It sounds strange to describe a black hole as "bright," but astronomers at Australian National University have spotted one so bright that were it in our home galaxy, it would outshine all the stars in the sky and even give the full moon a run for its money. This supermassive monster also happens to be the fastest-growing black hole ever seen, devouring the equivalent of the Sun every two days.

This supermassive black hole sits at the center of a quasar known by the catchy name of SMSS~J215728.21-360215.1. It's estimated to have the mass of about 20 billion times that of the Sun, and is growing extremely fast, at a rate of one percent every million years.

"This black hole is growing so rapidly that it's shining thousands of times more brightly than an entire galaxy, due to all of the gases it sucks in daily that cause lots of friction and heat," says Christian Wolf, an author of the study. "If we had this monster sitting at the center of our Milky Way galaxy, it would appear 10 times brighter than a full moon. It would appear as an incredibly bright pin-point star that would almost wash out all of the stars in the sky."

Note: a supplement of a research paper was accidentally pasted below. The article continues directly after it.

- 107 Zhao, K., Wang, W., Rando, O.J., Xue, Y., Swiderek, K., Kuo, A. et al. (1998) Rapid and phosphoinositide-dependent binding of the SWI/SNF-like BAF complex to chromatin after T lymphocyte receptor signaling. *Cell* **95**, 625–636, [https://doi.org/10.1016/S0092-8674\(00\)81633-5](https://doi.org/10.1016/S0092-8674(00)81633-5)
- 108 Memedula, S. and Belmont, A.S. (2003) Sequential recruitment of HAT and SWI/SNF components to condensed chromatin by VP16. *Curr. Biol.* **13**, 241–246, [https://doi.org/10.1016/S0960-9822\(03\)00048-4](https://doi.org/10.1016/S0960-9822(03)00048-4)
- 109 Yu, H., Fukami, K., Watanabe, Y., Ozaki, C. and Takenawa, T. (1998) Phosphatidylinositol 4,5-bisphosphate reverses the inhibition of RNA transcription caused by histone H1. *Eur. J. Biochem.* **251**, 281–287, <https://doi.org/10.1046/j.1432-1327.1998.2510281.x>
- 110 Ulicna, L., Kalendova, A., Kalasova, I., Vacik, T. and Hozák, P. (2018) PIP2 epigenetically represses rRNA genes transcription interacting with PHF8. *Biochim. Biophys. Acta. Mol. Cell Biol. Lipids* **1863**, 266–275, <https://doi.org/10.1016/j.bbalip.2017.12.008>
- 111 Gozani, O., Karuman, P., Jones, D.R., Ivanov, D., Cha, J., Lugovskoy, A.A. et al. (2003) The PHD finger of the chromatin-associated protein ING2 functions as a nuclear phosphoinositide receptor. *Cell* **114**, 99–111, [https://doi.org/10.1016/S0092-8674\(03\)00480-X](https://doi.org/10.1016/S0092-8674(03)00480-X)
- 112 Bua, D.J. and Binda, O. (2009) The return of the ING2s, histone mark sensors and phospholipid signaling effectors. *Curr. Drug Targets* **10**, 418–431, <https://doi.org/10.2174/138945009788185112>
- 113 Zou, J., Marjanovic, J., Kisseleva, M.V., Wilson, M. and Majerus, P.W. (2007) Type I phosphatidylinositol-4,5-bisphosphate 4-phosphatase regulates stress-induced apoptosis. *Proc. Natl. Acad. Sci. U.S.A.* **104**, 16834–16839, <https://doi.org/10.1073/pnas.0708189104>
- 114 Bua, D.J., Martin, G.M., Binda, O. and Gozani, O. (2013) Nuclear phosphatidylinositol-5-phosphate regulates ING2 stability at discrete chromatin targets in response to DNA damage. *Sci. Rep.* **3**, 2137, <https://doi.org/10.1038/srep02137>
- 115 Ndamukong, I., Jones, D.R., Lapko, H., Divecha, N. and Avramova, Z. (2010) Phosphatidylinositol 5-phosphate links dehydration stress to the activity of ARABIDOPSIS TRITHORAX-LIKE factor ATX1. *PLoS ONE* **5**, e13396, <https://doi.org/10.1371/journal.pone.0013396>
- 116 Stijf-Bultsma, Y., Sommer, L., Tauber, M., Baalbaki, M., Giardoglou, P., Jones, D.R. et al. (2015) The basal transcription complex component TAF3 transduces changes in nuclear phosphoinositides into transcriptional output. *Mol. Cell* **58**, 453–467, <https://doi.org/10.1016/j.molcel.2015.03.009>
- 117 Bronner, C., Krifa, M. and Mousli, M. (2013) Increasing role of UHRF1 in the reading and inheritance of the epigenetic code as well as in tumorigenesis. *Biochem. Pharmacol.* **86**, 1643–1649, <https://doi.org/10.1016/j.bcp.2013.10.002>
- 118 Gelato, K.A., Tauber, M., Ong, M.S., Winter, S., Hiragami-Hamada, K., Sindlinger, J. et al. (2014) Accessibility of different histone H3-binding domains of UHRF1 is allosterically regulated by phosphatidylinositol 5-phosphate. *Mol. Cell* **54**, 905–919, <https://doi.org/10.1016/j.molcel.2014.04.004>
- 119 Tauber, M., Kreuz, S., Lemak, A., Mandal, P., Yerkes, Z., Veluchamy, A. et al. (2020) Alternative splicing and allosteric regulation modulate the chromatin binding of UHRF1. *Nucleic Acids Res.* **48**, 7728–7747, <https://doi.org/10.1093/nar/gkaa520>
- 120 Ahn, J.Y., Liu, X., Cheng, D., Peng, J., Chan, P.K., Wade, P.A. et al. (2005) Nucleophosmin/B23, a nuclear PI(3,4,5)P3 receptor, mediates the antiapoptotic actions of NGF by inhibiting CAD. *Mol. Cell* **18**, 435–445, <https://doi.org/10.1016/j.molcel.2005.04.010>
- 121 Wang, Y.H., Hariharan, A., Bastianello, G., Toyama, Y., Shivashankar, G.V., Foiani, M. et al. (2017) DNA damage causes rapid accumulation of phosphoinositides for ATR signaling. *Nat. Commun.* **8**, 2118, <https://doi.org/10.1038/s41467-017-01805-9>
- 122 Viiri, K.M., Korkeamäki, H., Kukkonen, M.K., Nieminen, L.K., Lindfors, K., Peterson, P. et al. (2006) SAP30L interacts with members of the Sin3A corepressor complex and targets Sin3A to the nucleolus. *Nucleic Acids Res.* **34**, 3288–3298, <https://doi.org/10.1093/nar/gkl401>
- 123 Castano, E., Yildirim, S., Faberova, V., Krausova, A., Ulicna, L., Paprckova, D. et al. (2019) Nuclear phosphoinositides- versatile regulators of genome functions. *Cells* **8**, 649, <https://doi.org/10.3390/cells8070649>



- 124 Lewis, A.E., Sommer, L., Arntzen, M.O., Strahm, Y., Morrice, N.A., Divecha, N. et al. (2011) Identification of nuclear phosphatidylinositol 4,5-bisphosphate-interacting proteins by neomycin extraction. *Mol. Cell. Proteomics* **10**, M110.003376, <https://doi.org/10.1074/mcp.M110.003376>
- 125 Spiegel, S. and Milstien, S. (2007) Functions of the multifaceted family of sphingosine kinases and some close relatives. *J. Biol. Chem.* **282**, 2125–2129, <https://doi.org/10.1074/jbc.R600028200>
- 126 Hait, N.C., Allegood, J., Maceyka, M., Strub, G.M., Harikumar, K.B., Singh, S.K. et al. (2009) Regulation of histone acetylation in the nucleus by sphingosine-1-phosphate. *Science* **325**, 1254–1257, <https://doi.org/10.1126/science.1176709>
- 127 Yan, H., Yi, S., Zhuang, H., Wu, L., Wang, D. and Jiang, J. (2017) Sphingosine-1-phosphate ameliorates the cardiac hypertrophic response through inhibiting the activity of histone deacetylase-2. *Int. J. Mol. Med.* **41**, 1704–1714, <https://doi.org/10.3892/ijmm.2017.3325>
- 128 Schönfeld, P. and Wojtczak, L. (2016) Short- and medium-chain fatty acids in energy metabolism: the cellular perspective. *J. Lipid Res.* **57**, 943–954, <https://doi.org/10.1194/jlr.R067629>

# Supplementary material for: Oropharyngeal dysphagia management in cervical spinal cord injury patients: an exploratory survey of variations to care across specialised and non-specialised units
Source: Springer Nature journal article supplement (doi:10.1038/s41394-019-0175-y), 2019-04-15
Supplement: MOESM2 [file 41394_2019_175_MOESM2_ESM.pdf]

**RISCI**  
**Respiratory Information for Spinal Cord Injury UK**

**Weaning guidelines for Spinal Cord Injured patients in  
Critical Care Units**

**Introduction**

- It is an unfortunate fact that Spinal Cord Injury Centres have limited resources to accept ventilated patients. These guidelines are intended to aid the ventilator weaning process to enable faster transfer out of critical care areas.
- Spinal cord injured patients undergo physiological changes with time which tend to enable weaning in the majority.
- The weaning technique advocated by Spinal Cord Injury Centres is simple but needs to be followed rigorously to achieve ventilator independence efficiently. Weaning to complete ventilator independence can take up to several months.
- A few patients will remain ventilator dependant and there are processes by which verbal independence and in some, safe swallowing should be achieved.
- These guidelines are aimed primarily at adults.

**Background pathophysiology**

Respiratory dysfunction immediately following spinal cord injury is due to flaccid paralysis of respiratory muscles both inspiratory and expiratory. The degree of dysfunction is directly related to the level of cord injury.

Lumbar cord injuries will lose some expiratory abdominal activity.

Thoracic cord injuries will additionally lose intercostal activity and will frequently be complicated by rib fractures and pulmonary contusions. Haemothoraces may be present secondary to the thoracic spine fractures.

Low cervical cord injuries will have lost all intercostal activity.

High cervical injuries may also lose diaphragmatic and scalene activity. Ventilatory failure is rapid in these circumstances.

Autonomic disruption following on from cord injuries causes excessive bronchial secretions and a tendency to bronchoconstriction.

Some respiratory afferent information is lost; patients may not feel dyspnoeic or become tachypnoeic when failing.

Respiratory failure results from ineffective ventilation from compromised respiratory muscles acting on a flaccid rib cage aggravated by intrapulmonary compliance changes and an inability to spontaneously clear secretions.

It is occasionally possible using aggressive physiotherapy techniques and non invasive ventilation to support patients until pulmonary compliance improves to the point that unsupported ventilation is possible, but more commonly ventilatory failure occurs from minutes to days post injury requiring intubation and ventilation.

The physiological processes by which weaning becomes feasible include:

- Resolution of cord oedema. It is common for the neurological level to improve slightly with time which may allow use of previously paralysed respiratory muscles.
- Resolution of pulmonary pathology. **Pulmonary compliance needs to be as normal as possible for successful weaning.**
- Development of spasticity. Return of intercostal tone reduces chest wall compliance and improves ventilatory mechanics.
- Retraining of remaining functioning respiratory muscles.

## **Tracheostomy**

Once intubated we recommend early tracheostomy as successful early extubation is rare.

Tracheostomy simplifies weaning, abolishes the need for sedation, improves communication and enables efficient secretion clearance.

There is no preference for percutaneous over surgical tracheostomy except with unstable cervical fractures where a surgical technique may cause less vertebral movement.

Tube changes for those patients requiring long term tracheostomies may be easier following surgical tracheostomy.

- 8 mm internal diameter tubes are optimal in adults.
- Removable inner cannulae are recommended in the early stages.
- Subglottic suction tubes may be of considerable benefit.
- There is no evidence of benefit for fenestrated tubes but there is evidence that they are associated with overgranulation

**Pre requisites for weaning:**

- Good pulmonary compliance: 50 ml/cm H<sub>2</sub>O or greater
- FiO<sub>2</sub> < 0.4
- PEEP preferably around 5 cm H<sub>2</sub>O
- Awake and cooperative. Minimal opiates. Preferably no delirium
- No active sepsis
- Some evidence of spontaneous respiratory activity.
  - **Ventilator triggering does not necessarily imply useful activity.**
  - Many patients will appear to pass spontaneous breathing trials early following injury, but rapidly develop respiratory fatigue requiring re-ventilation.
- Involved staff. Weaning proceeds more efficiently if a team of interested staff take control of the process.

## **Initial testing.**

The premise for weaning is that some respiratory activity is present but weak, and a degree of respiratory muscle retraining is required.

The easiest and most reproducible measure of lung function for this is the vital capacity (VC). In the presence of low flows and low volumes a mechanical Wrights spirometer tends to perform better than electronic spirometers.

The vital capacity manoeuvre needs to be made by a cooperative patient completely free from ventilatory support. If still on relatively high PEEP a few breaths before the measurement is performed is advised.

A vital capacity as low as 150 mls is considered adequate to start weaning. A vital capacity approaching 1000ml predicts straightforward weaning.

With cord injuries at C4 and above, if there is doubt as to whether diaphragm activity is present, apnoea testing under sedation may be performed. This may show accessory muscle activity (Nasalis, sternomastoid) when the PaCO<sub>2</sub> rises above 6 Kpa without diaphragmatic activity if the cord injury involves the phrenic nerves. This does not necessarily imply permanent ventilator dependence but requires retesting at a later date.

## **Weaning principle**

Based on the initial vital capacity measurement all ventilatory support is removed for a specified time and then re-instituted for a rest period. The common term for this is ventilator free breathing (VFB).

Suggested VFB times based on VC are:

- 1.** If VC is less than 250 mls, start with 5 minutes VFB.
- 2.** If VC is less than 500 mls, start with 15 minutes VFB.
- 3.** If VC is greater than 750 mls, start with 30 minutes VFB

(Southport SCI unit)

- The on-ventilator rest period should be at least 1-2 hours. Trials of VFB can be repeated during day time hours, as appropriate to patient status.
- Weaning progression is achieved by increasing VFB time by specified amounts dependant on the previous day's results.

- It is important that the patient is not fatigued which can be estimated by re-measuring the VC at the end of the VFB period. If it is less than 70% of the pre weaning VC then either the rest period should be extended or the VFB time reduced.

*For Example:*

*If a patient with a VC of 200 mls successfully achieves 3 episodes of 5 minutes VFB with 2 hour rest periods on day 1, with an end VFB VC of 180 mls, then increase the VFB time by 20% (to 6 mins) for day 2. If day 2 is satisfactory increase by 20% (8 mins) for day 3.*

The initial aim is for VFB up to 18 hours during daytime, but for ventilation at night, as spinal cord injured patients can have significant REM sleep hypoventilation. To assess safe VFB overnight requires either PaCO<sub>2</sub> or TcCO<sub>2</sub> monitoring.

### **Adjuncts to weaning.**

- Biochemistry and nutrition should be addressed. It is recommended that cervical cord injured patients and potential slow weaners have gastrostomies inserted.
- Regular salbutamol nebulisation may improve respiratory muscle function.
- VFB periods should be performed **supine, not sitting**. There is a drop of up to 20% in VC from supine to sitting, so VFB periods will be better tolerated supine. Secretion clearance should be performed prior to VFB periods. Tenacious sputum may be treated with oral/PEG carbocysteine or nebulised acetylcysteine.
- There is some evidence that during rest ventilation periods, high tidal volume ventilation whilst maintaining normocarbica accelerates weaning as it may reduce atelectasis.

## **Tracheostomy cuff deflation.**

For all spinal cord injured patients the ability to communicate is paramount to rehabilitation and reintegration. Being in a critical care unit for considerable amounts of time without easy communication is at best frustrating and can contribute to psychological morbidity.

In that hypothetical scenario however, there wouldn't be anyone on Earth to enjoy the light show, since the quasar is emitting huge amounts of x-rays that would sterilize the planet. Thankfully, we're nice and safe at a distance of over 12 billion light-years – which of course means that astronomers are seeing it as it was 12 billion years ago, dating it to fairly soon after the Big Bang.

"We don't know how this one grew so large, so quickly in the early days of the universe," says Wolf.

The team found this supermassive black hole by combining data from the ESA's Gaia satellite, NASA's Wide-field Infrared Survey Explorer (WISE) and ANU's SkyMapper telescope.

"These large and rapidly-growing blackholes are exceedingly rare, and we have been searching for them with SkyMapper for several months now," says Wolf. "The hunt is on to find even faster-growing black holes."

The research was published in the journal Publications of the Astronomical Society of Australia.